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Interview: Journalists and public figures taking Pro-Truth Pledge (Includes interview)

The Pro-Truth Pledge is a new project dedicated to fighting misinformation and incivility through combining behavioral science with crowdsourcing. The project aligns well with the Society of Professional Journalists Code of Ethics and the Ethical Journalism Network Principles.

The pledge asks signers — which includes private citizens, public figures, and organizations — to commit to adopting 12 behaviors that research in behavioral science demonstrate a correlation with an orientation toward truthfulness. These behaviors include clarifying one’s opinions and the facts, citing one’s sources, and celebrating people who update their beliefs toward the truth.

The Pro-Truth Pledge is designed to encourage politicians – and everyone else – to commit to tru...

The Pro-Truth Pledge is designed to encourage politicians – and everyone else – to commit to truth-oriented behaviors and protect facts and civility.
Pro-Truth Pledge

The ideas behind the Pro-Truth Pledge are to be covered by the peer-reviewed Journal of Social and Political Psychology, as well as reported by The Guardian and Newsweek.

To learn more about the pledge, Digital Journal spoke with Dr. Gleb Tsipursky, from The Ohio State University, Columbus, Ohio, U.S.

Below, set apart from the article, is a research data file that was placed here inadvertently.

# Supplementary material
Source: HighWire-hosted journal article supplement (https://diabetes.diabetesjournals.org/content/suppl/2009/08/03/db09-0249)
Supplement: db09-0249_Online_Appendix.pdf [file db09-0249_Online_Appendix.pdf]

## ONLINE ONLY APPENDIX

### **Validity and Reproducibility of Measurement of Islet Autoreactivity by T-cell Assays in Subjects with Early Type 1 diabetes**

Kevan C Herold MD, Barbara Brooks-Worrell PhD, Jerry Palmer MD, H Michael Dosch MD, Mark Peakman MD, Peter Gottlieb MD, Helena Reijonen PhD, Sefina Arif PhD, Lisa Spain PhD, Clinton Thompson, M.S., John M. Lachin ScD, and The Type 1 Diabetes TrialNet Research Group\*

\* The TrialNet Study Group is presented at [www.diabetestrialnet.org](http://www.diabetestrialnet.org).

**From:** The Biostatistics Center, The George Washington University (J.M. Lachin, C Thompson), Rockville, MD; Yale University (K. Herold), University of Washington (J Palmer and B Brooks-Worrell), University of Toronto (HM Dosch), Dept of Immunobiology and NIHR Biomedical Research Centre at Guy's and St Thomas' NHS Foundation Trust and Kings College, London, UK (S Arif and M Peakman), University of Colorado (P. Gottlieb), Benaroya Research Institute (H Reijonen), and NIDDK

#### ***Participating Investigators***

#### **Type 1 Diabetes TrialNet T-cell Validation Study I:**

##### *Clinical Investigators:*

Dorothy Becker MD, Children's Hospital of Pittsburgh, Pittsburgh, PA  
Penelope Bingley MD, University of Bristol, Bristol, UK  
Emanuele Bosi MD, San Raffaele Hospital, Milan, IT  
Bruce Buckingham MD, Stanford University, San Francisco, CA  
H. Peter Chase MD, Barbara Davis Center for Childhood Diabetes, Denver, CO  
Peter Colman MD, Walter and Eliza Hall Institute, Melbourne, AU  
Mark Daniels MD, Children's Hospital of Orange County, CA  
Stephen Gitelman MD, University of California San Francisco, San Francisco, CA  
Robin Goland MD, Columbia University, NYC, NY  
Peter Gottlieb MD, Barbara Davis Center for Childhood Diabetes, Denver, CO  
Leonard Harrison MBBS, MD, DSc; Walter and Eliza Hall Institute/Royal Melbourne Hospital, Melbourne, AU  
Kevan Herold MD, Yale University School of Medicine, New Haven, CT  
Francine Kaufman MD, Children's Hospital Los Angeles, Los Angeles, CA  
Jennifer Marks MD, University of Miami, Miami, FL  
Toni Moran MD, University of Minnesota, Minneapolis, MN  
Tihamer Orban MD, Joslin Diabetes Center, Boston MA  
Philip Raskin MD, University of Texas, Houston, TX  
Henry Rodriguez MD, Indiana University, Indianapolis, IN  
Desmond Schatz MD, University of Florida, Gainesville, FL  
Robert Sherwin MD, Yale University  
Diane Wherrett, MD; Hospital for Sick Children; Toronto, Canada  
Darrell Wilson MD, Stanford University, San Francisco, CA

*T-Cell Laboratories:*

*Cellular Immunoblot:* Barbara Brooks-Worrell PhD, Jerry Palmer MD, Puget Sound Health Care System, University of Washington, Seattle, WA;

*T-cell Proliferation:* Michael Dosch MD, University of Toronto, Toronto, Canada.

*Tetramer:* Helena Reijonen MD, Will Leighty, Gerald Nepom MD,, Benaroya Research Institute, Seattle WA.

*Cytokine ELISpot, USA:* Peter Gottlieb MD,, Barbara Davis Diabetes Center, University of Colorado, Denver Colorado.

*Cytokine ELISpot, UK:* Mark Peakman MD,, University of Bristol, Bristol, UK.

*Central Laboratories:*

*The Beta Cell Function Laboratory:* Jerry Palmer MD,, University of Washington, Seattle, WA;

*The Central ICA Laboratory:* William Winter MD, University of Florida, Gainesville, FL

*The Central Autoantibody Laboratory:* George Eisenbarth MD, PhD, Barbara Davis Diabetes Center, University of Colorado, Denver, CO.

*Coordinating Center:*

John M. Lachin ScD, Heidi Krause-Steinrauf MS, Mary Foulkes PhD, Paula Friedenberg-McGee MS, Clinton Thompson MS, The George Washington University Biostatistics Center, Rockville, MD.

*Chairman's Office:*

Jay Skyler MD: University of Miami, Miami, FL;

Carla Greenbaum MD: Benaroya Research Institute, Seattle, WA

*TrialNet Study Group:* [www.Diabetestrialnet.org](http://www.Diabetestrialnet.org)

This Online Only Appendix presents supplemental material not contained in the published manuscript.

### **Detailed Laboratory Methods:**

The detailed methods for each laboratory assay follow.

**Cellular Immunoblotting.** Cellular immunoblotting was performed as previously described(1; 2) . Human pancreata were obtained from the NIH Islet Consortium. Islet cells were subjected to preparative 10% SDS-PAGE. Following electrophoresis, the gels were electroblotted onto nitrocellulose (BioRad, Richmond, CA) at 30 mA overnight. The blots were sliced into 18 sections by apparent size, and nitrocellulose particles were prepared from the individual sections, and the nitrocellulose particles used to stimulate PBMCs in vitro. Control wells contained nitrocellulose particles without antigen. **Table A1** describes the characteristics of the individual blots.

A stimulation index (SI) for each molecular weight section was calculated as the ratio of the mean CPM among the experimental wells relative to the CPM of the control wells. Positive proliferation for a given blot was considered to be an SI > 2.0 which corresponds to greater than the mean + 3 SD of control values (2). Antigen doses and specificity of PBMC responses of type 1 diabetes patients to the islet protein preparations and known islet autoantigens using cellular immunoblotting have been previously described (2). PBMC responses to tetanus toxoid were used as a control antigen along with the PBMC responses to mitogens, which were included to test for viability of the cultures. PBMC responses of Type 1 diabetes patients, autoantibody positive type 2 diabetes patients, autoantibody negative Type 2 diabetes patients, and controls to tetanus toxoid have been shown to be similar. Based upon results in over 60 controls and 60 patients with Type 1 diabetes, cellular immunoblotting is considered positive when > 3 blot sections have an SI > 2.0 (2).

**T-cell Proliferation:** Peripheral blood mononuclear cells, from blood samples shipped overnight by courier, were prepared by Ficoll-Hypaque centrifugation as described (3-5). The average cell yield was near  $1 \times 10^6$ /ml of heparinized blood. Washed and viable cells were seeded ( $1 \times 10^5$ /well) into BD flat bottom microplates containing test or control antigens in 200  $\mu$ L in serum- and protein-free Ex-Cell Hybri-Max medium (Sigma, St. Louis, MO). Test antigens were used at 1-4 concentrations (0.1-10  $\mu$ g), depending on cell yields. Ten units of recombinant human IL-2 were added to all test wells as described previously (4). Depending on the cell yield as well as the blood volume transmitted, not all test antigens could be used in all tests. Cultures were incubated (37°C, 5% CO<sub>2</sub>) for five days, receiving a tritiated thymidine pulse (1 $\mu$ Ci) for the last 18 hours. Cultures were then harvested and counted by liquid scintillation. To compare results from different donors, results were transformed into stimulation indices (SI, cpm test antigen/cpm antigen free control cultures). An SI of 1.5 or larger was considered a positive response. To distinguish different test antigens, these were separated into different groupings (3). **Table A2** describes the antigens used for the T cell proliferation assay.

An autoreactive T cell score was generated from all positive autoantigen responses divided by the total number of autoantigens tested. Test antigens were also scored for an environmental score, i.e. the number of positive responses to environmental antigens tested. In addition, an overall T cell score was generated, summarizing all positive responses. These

Digital Journal: What is the extent of ‘false news’ on social media?

Gleb Tsipursky: “False news” – meaning completely made up articles, not ones that have spin – is surprisingly widespread on social media. For example, a study showed that in the three months before the 2016 US Presidential election, the top 20 election-related false news stories outperformed the top 20 true election-related news stories. More recently, Russian trolls spun false stories about the Parkland shooting. The general tendency is that false news arises around major political campaigns or around triggering events like the Parkland shooting incident.

Trump inches closer to White House as Clinton slides: polls on Sept. 21  2016.

Trump inches closer to White House as Clinton slides: polls on Sept. 21, 2016.
Illustration by Digital Journal

DJ: How has this changed over the past five years?